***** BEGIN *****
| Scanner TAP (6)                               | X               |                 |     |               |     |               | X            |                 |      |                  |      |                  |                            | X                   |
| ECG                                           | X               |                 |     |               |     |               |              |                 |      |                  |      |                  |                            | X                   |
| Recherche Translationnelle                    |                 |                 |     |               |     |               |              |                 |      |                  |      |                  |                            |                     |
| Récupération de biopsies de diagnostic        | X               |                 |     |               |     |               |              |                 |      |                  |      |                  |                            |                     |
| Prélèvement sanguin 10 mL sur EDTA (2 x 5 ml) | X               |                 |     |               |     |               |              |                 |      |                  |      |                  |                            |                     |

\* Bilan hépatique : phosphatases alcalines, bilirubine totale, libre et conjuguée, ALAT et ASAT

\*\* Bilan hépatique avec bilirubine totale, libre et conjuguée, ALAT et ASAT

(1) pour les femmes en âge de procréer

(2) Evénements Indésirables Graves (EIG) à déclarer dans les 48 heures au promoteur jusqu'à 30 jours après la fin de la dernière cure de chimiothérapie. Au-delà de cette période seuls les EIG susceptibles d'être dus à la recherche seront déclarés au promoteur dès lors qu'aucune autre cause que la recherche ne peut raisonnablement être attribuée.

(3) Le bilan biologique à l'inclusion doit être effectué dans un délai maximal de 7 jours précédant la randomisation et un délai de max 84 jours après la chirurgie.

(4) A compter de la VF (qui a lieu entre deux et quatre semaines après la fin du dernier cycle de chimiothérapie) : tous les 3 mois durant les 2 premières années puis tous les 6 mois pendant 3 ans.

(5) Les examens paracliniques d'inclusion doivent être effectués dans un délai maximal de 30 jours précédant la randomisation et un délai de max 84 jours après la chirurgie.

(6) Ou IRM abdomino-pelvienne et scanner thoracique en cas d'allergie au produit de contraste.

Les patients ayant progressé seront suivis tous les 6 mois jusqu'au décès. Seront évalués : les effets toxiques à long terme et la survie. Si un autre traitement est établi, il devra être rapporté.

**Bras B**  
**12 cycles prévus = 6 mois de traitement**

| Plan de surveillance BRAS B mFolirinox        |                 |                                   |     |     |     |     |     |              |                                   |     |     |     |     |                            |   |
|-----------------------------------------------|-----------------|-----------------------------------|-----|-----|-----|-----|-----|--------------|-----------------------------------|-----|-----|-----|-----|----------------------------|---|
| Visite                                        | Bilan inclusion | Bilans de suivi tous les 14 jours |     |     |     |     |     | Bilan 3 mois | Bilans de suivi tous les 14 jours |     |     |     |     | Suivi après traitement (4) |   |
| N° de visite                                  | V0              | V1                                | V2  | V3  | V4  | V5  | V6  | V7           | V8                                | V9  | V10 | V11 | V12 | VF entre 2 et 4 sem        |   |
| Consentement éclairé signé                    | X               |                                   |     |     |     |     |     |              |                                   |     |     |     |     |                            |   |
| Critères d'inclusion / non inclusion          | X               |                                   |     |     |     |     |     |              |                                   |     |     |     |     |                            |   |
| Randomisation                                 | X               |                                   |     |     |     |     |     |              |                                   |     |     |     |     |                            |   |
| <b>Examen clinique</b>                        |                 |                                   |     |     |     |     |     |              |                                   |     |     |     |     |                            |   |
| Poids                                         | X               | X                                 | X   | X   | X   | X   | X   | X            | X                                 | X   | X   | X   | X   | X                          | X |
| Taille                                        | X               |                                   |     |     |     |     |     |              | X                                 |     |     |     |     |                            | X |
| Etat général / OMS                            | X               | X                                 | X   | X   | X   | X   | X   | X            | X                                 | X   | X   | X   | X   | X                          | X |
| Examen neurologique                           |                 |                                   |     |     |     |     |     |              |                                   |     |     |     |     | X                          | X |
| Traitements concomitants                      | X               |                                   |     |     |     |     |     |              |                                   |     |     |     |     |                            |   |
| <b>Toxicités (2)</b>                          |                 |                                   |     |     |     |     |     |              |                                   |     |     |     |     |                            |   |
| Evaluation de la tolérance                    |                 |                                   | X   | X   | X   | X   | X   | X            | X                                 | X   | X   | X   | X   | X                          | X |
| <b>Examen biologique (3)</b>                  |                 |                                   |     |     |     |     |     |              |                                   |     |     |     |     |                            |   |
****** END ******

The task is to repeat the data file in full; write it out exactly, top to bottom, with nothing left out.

| Scanner TAP (6)                               | X               |                 |     |               |     |               | X            |                 |      |                  |      |                  |                            | X                   |
| ECG                                           | X               |                 |     |               |     |               |              |                 |      |                  |      |                  |                            | X                   |
| Recherche Translationnelle                    |                 |                 |     |               |     |               |              |                 |      |                  |      |                  |                            |                     |
| Récupération de biopsies de diagnostic        | X               |                 |     |               |     |               |              |                 |      |                  |      |                  |                            |                     |
| Prélèvement sanguin 10 mL sur EDTA (2 x 5 ml) | X               |                 |     |               |     |               |              |                 |      |                  |      |                  |                            |                     |

\* Bilan hépatique : phosphatases alcalines, bilirubine totale, libre et conjuguée, ALAT et ASAT

\*\* Bilan hépatique avec bilirubine totale, libre et conjuguée, ALAT et ASAT

(1) pour les femmes en âge de procréer

(2) Evénements Indésirables Graves (EIG) à déclarer dans les 48 heures au promoteur jusqu'à 30 jours après la fin de la dernière cure de chimiothérapie. Au-delà de cette période seuls les EIG susceptibles d'être dus à la recherche seront déclarés au promoteur dès lors qu'aucune autre cause que la recherche ne peut raisonnablement être attribuée.

(3) Le bilan biologique à l'inclusion doit être effectué dans un délai maximal de 7 jours précédant la randomisation et un délai de max 84 jours après la chirurgie.

(4) A compter de la VF (qui a lieu entre deux et quatre semaines après la fin du dernier cycle de chimiothérapie) : tous les 3 mois durant les 2 premières années puis tous les 6 mois pendant 3 ans.

(5) Les examens paracliniques d'inclusion doivent être effectués dans un délai maximal de 30 jours précédant la randomisation et un délai de max 84 jours après la chirurgie.

(6) Ou IRM abdomino-pelvienne et scanner thoracique en cas d'allergie au produit de contraste.

Les patients ayant progressé seront suivis tous les 6 mois jusqu'au décès. Seront évalués : les effets toxiques à long terme et la survie. Si un autre traitement est établi, il devra être rapporté.

**Bras B**  
**12 cycles prévus = 6 mois de traitement**

| Plan de surveillance BRAS B mFolirinox        |                 |                                   |     |     |     |     |     |              |                                   |     |     |     |     |                            |   |
|-----------------------------------------------|-----------------|-----------------------------------|-----|-----|-----|-----|-----|--------------|-----------------------------------|-----|-----|-----|-----|----------------------------|---|
| Visite                                        | Bilan inclusion | Bilans de suivi tous les 14 jours |     |     |     |     |     | Bilan 3 mois | Bilans de suivi tous les 14 jours |     |     |     |     | Suivi après traitement (4) |   |
| N° de visite                                  | V0              | V1                                | V2  | V3  | V4  | V5  | V6  | V7           | V8                                | V9  | V10 | V11 | V12 | VF entre 2 et 4 sem        |   |
| Consentement éclairé signé                    | X               |                                   |     |     |     |     |     |              |                                   |     |     |     |     |                            |   |
| Critères d'inclusion / non inclusion          | X               |                                   |     |     |     |     |     |              |                                   |     |     |     |     |                            |   |
| Randomisation                                 | X               |                                   |     |     |     |     |     |              |                                   |     |     |     |     |                            |   |
| <b>Examen clinique</b>                        |                 |                                   |     |     |     |     |     |              |                                   |     |     |     |     |                            |   |
| Poids                                         | X               | X                                 | X   | X   | X   | X   | X   | X            | X                                 | X   | X   | X   | X   | X                          | X |
| Taille                                        | X               |                                   |     |     |     |     |     |              | X                                 |     |     |     |     |                            | X |
| Etat général / OMS                            | X               | X                                 | X   | X   | X   | X   | X   | X            | X                                 | X   | X   | X   | X   | X                          | X |
| Examen neurologique                           |                 |                                   |     |     |     |     |     |              |                                   |     |     |     |     | X                          | X |
| Traitements concomitants                      | X               |                                   |     |     |     |     |     |              |                                   |     |     |     |     |                            |   |
| <b>Toxicités (2)</b>                          |                 |                                   |     |     |     |     |     |              |                                   |     |     |     |     |                            |   |
| Evaluation de la tolérance                    |                 |                                   | X   | X   | X   | X   | X   | X            | X                                 | X   | X   | X   | X   | X                          | X |
| <b>Examen biologique (3)</b>                  |                 |                                   |     |     |     |     |     |              |                                   |     |     |     |     |                            |   |